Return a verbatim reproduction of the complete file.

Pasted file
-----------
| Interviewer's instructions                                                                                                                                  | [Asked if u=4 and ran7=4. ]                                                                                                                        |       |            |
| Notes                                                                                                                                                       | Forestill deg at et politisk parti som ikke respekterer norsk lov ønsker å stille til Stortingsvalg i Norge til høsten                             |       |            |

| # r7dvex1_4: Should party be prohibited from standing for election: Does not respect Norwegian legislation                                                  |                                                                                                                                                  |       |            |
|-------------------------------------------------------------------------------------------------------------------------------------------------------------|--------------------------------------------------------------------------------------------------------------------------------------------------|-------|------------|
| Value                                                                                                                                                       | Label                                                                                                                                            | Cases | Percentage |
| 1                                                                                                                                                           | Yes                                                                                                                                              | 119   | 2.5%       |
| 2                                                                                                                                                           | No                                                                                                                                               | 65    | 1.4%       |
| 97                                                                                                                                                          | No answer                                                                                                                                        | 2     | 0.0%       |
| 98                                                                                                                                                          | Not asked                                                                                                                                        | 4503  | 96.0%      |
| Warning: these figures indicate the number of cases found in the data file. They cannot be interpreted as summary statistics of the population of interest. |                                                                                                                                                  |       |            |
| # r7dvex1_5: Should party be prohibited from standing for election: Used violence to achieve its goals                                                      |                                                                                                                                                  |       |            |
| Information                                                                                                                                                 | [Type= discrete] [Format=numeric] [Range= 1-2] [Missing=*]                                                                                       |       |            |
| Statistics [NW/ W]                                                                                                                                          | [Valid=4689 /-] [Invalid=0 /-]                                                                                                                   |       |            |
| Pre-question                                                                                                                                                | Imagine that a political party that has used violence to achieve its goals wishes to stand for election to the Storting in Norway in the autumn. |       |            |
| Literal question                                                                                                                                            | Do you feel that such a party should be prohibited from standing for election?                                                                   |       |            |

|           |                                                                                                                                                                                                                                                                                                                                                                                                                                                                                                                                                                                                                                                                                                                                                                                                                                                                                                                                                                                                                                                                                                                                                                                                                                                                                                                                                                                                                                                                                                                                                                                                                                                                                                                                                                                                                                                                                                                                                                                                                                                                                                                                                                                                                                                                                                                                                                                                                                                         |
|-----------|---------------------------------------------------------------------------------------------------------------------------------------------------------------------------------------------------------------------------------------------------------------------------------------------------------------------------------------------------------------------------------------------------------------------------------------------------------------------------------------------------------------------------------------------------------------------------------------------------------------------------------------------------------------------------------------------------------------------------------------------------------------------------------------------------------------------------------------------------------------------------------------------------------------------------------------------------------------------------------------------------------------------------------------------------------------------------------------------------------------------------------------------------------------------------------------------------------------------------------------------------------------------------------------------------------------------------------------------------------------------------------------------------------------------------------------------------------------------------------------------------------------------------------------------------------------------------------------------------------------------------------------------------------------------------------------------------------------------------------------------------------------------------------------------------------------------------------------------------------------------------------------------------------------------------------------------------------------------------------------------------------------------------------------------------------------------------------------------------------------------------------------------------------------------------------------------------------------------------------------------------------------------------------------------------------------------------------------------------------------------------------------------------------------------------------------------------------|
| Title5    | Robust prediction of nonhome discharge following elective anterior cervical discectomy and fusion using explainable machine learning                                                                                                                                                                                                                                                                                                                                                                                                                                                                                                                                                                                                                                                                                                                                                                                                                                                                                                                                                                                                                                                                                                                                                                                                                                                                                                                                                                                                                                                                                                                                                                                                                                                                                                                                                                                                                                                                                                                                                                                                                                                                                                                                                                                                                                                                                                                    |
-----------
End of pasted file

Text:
| Interviewer's instructions                                                                                                                                  | [Asked if u=4 and ran7=4. ]                                                                                                                        |       |            |
| Notes                                                                                                                                                       | Forestill deg at et politisk parti som ikke respekterer norsk lov ønsker å stille til Stortingsvalg i Norge til høsten                             |       |            |

| # r7dvex1_4: Should party be prohibited from standing for election: Does not respect Norwegian legislation                                                  |                                                                                                                                                  |       |            |
|-------------------------------------------------------------------------------------------------------------------------------------------------------------|--------------------------------------------------------------------------------------------------------------------------------------------------|-------|------------|
| Value                                                                                                                                                       | Label                                                                                                                                            | Cases | Percentage |
| 1                                                                                                                                                           | Yes                                                                                                                                              | 119   | 2.5%       |
| 2                                                                                                                                                           | No                                                                                                                                               | 65    | 1.4%       |
| 97                                                                                                                                                          | No answer                                                                                                                                        | 2     | 0.0%       |
| 98                                                                                                                                                          | Not asked                                                                                                                                        | 4503  | 96.0%      |
| Warning: these figures indicate the number of cases found in the data file. They cannot be interpreted as summary statistics of the population of interest. |                                                                                                                                                  |       |            |
| # r7dvex1_5: Should party be prohibited from standing for election: Used violence to achieve its goals                                                      |                                                                                                                                                  |       |            |
| Information                                                                                                                                                 | [Type= discrete] [Format=numeric] [Range= 1-2] [Missing=*]                                                                                       |       |            |
| Statistics [NW/ W]                                                                                                                                          | [Valid=4689 /-] [Invalid=0 /-]                                                                                                                   |       |            |
| Pre-question                                                                                                                                                | Imagine that a political party that has used violence to achieve its goals wishes to stand for election to the Storting in Norway in the autumn. |       |            |
| Literal question                                                                                                                                            | Do you feel that such a party should be prohibited from standing for election?                                                                   |       |            |

|           |                                                                                                                                                                                                                                                                                                                                                                                                                                                                                                                                                                                                                                                                                                                                                                                                                                                                                                                                                                                                                                                                                                                                                                                                                                                                                                                                                                                                                                                                                                                                                                                                                                                                                                                                                                                                                                                                                                                                                                                                                                                                                                                                                                                                                                                                                                                                                                                                                                                         |
|-----------|---------------------------------------------------------------------------------------------------------------------------------------------------------------------------------------------------------------------------------------------------------------------------------------------------------------------------------------------------------------------------------------------------------------------------------------------------------------------------------------------------------------------------------------------------------------------------------------------------------------------------------------------------------------------------------------------------------------------------------------------------------------------------------------------------------------------------------------------------------------------------------------------------------------------------------------------------------------------------------------------------------------------------------------------------------------------------------------------------------------------------------------------------------------------------------------------------------------------------------------------------------------------------------------------------------------------------------------------------------------------------------------------------------------------------------------------------------------------------------------------------------------------------------------------------------------------------------------------------------------------------------------------------------------------------------------------------------------------------------------------------------------------------------------------------------------------------------------------------------------------------------------------------------------------------------------------------------------------------------------------------------------------------------------------------------------------------------------------------------------------------------------------------------------------------------------------------------------------------------------------------------------------------------------------------------------------------------------------------------------------------------------------------------------------------------------------------------|
| Title5    | Robust prediction of nonhome discharge following elective anterior cervical discectomy and fusion using explainable machine learning                                                                                                                                                                                                                                                                                                                                                                                                                                                                                                                                                                                                                                                                                                                                                                                                                                                                                                                                                                                                                                                                                                                                                                                                                                                                                                                                                                                                                                                                                                                                                                                                                                                                                                                                                                                                                                                                                                                                                                                                                                                                                                                                                                                                                                                                                                                    |